Sex differences in the association between sleep and body mass index in adolescents

J Pediatr. 2005 Dec;147(6):830-4. doi: 10.1016/j.jpeds.2005.07.019.


Objective: To determine whether an association between short sleep duration and increased body mass index (BMI) exists in a sample of U.S. adolescents.

Study design: Public-use dataset of the National Longitudinal Study of Adolescent Health. Final sample included 4486 adolescents (51% female). Main outcome was BMI transformed into z-scores for age and sex using reference values from the Centers for Disease Control/National Center for Health Statistics. Overweight was defined as > or =95th percentile. Linear and logistic regression models were calculated. Sleep duration was self-reported in hours. A quadratic term for sleep was added to test curvilinear association. Covariates included age, race, parental education, activity and inactivity scores.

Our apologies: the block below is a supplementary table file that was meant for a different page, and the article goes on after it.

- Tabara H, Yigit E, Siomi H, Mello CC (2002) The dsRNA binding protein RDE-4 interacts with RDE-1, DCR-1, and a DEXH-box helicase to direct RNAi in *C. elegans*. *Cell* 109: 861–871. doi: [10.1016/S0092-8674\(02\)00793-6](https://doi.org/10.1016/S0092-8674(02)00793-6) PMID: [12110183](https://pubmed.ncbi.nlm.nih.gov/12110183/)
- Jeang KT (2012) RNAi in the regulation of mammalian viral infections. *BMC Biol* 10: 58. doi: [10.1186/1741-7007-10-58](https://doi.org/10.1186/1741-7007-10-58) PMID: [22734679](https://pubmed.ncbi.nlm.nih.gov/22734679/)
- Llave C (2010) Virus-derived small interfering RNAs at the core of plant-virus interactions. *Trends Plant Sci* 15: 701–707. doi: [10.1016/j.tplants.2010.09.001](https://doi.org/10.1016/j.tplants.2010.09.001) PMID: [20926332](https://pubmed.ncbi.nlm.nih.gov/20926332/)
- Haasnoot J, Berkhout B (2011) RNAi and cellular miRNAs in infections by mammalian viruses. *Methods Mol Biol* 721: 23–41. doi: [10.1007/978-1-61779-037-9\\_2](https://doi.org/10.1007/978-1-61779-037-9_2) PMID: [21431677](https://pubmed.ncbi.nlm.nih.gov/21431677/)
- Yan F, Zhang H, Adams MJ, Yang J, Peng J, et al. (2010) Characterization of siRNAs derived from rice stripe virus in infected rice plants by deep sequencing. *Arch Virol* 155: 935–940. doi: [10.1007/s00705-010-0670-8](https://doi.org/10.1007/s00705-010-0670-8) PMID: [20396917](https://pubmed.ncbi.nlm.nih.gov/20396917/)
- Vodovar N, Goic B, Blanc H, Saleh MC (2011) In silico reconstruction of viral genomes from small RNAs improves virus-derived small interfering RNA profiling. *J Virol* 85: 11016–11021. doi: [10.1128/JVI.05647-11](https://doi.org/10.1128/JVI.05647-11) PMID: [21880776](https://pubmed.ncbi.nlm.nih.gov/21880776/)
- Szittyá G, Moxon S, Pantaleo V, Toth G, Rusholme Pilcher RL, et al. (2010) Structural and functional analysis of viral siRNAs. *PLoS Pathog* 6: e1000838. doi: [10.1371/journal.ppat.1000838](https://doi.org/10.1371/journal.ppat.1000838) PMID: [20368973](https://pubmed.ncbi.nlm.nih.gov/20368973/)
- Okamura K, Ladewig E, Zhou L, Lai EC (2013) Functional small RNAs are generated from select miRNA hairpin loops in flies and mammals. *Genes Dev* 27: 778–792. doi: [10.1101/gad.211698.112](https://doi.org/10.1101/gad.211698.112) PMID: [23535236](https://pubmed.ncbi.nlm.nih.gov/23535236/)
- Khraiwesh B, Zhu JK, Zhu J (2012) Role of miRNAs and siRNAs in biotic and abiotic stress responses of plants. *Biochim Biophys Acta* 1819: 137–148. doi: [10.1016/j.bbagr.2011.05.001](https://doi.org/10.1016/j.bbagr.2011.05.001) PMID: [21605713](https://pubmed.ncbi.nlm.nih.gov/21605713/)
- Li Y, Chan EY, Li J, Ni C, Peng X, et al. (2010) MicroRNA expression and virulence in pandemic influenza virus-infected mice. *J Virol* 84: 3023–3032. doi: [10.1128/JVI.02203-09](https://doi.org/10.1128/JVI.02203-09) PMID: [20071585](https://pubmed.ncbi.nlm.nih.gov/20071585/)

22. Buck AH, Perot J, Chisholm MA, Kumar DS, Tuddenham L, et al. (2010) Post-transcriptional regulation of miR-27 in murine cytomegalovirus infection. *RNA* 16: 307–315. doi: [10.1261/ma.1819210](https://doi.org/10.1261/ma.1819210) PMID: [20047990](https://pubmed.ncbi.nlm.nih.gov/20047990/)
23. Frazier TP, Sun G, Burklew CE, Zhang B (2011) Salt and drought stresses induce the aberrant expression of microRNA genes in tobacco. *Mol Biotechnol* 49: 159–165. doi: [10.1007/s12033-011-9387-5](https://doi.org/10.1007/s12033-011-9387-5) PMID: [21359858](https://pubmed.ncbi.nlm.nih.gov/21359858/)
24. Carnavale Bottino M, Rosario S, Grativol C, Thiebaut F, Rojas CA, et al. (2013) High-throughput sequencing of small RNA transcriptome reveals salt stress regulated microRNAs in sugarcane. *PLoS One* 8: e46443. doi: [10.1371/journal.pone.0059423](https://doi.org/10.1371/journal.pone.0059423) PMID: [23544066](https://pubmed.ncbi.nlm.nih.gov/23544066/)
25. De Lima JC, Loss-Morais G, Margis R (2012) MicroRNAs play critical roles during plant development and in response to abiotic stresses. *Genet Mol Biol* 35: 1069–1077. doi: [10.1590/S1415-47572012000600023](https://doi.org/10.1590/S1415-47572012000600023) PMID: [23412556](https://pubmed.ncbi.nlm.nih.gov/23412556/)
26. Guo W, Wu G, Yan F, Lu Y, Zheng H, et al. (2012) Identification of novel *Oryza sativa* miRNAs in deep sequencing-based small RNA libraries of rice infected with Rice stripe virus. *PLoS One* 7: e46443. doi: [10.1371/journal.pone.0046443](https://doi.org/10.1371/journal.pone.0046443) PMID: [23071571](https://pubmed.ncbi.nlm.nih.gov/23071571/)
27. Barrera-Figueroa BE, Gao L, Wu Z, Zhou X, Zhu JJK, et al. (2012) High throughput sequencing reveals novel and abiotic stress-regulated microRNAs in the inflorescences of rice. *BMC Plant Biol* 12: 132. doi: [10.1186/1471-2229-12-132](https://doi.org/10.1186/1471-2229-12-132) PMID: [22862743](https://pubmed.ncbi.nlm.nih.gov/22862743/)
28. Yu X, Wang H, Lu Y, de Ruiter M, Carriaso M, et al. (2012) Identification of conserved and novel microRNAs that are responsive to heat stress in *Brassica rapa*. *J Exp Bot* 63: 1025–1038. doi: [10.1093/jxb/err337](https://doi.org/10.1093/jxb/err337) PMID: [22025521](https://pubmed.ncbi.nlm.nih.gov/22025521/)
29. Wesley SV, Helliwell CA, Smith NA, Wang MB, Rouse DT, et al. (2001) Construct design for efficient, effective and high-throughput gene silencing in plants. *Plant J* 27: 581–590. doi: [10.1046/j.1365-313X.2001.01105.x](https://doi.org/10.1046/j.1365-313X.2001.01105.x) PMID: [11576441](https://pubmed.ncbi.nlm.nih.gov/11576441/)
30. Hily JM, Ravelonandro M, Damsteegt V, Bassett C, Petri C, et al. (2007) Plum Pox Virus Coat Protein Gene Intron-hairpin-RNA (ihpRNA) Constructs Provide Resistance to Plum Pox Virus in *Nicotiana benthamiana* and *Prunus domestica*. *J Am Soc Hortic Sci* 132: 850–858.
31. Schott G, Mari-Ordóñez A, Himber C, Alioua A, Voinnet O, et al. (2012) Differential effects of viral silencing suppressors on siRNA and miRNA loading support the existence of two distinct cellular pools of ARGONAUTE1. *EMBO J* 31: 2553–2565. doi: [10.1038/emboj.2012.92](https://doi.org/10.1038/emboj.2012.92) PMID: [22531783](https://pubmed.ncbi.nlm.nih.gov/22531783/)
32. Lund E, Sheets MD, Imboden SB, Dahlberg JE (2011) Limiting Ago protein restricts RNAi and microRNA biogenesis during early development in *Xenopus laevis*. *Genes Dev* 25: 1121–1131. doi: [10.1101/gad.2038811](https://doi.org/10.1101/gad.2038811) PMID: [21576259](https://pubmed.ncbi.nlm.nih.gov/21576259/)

Results: Among males, linear regression indicated that sleep duration significantly predicted BMI z-score (Beta = -0.08, 95% CI: -0.12, -0.03). Logistic regression indicated that sleep duration predicted risk of overweight among males (OR = 0.90, 95% CI: 0.82, 1.00). Sleep duration was not a significant predictor among females in either regression model. Quadratic term for sleep was not significant for either sex.

Conclusions: Longer sleep duration was weakly associated with lower BMI and risk of overweight among male adolescents only. This sex-related difference may be due to differences in the physiology of puberty or in sleep characteristics.

Publication types

  • Research Support, N.I.H., Extramural

MeSH terms

  • Adolescent
  • Body Mass Index*
  • Female
  • Humans
  • Linear Models
  • Logistic Models
  • Longitudinal Studies
  • Male
  • Obesity / epidemiology
  • Overweight*
  • Risk Factors
  • Sex Factors
  • Sleep Deprivation / epidemiology
  • Sleep*
  • United States / epidemiology